Once hailed as medical miracles, antibiotics are losing their effectiveness due to the rapid increase of bacterial immunity. Researchers are scrambling to keep up with evolution, and they are currently exploring how machine learning can be applied to microbiology to develop more effective treatments.
In the past, researchers have studied bacteria behavior and used their findings to work against the natural patterns of bacterial life. In the 1980s, computer-assisted screening methods helped researchers in their efforts but few developments surfaced from their work. It seemed that there were no new antibiotics to be found using traditional methods, and pharmaceutical companies stepped away from funding antibiotic development in favor of more profitable drugs used to treat chronic conditions. But a new field of research shows a way forward, thanks to the massive advances in computing that have occurred over the intervening decades.
Among the pioneering researchers in this field is César de La Fuente, Presidential Assistant Professor in Psychiatry, Microbiology and Bioengineering. De La Fuente is accelerating the discovery of new antibiotics with his Drug Repurposing Hub, a library of more than 6,000 compounds that is using machine learning algorithms to seek out possible solutions for human disease. With his compound library, de La Fuente is able to examine drugs already approved by the FDA and hunt for new, more effective applications.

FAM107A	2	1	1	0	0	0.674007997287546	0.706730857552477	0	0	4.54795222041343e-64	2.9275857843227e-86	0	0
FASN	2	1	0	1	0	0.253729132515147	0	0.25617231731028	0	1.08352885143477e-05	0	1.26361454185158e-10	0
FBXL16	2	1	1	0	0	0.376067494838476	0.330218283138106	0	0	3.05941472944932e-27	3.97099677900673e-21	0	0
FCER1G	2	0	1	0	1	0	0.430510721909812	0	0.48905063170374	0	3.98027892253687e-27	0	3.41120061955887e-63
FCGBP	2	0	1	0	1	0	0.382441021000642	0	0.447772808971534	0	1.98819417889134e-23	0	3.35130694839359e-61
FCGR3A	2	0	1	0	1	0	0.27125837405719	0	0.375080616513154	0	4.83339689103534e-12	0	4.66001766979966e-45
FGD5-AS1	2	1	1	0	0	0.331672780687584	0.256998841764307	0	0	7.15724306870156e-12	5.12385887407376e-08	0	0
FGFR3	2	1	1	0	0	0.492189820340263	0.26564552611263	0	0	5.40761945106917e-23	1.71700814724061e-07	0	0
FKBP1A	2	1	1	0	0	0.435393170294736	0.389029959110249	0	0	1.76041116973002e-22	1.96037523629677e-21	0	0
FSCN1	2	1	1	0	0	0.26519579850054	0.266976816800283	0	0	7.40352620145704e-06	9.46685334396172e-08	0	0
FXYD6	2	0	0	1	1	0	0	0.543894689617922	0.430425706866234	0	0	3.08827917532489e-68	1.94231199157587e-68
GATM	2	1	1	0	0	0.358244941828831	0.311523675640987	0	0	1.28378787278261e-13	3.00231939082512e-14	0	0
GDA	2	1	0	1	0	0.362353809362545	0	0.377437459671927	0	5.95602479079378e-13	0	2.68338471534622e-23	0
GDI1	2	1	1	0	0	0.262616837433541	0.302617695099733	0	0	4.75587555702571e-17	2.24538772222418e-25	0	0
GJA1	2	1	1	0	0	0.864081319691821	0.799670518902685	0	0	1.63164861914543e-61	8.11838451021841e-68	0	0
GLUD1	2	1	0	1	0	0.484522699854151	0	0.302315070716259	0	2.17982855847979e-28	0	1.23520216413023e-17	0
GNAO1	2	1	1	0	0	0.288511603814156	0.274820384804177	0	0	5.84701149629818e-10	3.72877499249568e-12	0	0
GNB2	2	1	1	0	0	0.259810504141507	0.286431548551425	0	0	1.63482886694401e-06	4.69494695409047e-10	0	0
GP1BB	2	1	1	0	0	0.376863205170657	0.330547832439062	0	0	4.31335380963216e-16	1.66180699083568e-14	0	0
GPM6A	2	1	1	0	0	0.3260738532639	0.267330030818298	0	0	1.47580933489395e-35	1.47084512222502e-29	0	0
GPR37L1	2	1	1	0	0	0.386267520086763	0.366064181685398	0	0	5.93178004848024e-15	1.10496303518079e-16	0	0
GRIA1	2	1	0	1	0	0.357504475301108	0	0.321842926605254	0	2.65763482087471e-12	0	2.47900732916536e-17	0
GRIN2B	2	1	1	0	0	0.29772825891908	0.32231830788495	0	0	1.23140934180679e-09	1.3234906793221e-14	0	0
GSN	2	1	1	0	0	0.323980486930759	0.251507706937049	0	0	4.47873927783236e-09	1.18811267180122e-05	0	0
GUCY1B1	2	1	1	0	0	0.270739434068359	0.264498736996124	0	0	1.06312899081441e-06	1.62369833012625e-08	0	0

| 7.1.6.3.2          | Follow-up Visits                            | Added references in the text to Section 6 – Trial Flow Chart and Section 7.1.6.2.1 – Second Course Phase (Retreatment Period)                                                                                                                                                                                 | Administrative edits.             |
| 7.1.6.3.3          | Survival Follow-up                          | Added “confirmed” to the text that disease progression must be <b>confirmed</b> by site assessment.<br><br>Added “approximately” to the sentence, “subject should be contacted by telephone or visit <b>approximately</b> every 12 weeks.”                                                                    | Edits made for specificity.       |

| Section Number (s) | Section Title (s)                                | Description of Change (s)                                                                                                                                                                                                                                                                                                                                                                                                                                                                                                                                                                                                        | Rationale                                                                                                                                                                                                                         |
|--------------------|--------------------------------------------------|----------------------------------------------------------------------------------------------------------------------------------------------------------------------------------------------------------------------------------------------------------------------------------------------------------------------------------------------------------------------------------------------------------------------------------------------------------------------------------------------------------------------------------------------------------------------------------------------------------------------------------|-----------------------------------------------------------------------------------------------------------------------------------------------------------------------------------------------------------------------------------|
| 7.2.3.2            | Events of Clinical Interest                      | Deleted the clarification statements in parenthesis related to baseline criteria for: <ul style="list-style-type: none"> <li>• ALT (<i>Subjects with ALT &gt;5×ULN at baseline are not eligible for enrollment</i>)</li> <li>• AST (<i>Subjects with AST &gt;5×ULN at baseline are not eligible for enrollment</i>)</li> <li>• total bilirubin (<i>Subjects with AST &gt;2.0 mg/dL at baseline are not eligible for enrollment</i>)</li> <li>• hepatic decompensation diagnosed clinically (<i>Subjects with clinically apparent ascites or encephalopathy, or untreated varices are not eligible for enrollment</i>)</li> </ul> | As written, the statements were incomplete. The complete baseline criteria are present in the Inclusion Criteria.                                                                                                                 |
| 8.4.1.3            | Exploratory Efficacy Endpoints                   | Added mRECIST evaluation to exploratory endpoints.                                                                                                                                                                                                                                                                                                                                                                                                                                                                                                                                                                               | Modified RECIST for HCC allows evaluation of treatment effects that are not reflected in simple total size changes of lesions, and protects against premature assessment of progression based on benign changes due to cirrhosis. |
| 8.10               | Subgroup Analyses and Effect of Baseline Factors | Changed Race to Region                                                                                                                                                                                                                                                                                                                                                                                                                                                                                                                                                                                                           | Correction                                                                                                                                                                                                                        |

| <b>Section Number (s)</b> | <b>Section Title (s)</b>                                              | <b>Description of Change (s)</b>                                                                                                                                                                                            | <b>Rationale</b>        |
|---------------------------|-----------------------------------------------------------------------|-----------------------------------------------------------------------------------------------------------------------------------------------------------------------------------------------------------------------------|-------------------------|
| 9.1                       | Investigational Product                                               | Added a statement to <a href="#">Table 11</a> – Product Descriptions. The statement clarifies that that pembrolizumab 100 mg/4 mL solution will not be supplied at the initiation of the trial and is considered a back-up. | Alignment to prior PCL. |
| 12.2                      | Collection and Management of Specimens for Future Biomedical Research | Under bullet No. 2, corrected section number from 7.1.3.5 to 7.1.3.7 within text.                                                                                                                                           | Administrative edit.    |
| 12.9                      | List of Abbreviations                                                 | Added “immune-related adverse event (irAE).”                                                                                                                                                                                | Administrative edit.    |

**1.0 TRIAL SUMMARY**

In addition to this work, de La Fuente and his colleagues are interested in using machine learning to innovate drug design itself. His lab uses a machine learning platform to generate new molecules in silico and perform experiments on them. Once the results of the experiments come in, they are fed back into the computer so the machine learning platform can continuously learn and improve its findings from the data.
In a recent interview with Katherine Harmon Courage in Quanta Magazine, de La Fuente said:
“The hypothesis is that nature has run out of inspiration in terms of providing us with new antibiotics. That’s why we think that machines … could diversify natural molecules to convert them to synthetic versions that would be much more effective.”